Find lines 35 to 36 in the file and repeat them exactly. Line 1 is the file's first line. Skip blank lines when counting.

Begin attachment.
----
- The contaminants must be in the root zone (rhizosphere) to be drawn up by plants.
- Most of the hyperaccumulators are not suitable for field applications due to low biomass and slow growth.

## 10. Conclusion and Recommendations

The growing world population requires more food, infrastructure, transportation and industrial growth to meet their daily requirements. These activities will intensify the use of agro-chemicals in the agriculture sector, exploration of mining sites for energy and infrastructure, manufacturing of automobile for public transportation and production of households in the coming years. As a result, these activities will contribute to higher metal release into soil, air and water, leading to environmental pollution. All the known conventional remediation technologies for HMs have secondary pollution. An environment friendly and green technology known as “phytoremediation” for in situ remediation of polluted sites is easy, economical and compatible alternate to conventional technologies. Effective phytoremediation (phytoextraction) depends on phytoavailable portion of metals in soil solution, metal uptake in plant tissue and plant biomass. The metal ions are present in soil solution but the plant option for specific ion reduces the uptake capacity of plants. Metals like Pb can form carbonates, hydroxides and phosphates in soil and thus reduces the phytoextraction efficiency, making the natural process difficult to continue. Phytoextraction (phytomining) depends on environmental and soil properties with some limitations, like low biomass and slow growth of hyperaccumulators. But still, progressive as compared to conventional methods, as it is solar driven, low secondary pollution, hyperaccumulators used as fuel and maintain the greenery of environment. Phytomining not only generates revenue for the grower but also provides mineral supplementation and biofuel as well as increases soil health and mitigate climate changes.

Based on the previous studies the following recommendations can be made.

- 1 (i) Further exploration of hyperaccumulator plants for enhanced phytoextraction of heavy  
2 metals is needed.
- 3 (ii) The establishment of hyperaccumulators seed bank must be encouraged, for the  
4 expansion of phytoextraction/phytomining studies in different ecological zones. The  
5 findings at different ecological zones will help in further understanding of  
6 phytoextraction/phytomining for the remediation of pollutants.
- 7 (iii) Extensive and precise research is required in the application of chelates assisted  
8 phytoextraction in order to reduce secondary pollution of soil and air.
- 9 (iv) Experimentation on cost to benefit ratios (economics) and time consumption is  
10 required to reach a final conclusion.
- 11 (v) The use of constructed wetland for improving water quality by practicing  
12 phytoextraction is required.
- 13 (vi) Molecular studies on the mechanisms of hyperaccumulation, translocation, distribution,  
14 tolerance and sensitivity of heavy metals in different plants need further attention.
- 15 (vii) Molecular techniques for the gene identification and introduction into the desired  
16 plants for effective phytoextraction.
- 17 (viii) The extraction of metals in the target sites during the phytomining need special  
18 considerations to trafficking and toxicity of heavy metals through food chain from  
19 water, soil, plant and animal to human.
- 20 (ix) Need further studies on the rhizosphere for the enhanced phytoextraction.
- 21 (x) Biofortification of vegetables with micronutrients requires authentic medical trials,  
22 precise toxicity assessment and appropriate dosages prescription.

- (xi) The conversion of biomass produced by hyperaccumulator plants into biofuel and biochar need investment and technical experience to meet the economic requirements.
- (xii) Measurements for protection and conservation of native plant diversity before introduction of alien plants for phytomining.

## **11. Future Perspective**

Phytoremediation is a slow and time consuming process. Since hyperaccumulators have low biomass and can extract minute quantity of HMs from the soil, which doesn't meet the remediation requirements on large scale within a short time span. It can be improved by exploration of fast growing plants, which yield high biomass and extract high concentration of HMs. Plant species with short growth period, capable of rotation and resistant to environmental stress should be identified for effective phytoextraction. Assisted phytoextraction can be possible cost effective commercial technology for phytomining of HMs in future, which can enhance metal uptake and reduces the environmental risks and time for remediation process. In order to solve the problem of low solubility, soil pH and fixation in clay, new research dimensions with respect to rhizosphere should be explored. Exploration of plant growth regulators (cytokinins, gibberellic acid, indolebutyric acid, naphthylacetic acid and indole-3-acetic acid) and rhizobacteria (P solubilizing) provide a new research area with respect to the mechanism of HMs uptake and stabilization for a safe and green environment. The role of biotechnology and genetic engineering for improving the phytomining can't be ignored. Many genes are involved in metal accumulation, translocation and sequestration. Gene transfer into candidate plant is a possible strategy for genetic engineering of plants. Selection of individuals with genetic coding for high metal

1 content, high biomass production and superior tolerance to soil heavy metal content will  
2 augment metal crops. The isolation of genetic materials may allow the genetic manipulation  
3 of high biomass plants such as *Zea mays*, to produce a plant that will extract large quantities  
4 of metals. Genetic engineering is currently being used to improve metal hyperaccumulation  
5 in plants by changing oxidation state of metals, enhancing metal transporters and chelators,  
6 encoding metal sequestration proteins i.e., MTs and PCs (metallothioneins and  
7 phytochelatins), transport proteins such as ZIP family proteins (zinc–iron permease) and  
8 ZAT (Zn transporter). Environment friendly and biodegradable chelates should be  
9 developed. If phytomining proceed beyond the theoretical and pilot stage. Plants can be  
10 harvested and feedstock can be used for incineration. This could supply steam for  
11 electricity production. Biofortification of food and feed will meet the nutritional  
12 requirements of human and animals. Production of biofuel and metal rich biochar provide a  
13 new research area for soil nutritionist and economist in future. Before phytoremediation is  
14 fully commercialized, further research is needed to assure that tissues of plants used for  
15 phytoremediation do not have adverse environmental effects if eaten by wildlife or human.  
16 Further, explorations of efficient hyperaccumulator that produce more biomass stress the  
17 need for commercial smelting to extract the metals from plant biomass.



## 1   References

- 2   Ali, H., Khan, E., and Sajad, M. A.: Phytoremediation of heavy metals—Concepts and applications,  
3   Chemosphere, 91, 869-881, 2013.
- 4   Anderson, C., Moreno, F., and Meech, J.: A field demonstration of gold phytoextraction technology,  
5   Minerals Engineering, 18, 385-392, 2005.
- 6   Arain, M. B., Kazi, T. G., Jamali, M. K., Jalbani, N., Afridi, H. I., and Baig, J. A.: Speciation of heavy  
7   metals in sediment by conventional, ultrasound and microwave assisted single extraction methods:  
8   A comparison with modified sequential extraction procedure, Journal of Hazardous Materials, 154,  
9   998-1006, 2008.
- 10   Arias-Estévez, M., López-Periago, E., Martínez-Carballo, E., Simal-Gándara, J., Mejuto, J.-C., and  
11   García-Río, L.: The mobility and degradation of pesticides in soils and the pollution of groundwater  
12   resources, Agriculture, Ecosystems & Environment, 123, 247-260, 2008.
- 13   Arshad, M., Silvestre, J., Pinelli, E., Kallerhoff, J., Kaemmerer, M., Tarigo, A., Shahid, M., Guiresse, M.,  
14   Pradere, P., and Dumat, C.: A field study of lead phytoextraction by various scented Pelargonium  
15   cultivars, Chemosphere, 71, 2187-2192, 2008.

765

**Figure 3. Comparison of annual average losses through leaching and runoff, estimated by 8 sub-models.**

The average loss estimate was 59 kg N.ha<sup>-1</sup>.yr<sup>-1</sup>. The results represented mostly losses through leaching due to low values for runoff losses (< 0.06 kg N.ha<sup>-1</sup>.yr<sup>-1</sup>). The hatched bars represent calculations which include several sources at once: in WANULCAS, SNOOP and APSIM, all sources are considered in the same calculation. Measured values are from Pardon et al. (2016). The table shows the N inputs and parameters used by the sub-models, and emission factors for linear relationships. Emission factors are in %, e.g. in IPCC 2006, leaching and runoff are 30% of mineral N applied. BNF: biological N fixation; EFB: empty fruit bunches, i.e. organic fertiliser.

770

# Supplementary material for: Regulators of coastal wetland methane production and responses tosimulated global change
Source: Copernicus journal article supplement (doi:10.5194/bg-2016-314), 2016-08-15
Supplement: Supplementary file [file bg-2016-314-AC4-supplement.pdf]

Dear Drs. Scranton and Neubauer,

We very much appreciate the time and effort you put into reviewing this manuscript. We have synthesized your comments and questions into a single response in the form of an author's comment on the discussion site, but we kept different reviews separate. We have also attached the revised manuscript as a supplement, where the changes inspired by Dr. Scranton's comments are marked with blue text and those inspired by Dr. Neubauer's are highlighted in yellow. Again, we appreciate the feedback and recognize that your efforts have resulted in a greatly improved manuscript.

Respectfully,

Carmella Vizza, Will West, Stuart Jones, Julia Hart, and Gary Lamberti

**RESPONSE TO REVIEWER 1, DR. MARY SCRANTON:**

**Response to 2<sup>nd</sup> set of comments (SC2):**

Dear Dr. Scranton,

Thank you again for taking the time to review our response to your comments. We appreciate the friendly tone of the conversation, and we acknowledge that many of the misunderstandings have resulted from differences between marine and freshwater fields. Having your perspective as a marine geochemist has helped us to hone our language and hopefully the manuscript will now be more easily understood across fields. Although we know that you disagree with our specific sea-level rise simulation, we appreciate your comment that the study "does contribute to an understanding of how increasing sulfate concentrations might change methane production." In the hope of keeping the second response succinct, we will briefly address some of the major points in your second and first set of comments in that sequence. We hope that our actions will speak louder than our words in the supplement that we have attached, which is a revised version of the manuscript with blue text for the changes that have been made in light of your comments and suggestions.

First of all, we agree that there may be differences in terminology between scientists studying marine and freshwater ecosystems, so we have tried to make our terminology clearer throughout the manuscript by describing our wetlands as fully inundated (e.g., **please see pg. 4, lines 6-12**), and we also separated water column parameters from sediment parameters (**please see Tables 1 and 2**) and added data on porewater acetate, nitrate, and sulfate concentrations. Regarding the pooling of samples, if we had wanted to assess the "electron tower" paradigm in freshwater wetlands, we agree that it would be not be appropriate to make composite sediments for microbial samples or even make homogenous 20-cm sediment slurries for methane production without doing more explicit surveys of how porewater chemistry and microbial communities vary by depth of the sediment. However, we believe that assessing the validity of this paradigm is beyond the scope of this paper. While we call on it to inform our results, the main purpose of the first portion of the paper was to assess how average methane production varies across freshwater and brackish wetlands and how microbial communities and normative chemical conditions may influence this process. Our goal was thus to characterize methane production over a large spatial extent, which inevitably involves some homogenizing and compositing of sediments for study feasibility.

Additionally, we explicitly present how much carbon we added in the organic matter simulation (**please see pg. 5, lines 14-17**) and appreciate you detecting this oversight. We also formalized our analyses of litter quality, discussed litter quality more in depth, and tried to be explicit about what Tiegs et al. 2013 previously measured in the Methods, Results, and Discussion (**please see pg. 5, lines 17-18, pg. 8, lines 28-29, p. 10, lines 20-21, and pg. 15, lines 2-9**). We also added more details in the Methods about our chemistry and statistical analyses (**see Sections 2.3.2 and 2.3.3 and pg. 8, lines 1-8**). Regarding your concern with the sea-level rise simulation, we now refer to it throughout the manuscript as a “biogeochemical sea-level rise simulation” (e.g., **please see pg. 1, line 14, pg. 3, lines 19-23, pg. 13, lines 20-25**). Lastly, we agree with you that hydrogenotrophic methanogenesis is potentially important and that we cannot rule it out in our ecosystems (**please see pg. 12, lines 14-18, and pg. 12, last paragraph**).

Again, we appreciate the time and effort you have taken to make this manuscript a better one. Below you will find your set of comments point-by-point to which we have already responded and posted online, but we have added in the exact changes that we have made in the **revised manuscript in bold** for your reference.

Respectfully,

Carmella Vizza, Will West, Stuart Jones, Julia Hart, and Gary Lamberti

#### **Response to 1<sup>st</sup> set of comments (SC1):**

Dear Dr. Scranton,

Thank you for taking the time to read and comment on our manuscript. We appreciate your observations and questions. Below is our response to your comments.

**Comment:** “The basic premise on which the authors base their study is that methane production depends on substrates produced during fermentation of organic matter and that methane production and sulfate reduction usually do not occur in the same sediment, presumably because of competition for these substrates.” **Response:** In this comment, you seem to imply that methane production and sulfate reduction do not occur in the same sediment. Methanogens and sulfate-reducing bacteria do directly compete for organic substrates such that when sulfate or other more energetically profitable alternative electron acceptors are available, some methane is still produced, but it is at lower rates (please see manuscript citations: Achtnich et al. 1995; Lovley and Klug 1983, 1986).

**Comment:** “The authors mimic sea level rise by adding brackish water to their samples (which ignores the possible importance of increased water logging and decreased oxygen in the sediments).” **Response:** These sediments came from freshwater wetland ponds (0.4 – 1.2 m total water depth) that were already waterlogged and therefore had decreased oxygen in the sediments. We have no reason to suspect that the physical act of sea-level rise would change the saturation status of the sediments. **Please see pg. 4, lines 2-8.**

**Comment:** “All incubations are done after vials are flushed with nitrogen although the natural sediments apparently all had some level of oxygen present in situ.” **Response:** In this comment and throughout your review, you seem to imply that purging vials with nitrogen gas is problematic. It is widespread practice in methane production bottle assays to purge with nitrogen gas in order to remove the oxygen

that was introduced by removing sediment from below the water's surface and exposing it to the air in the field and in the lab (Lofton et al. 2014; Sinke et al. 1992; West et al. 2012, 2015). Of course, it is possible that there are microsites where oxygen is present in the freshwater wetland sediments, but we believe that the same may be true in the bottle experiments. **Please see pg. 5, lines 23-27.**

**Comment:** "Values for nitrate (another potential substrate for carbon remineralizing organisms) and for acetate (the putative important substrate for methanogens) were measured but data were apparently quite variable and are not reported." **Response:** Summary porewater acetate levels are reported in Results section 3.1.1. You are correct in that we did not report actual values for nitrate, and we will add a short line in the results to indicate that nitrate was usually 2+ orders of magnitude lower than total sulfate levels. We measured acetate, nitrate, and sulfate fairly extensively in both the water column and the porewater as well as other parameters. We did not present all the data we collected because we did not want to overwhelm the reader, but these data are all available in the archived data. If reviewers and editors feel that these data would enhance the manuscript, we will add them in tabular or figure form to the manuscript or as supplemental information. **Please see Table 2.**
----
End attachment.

4 of metals. Genetic engineering is currently being used to improve metal hyperaccumulation  
5 in plants by changing oxidation state of metals, enhancing metal transporters and chelators,  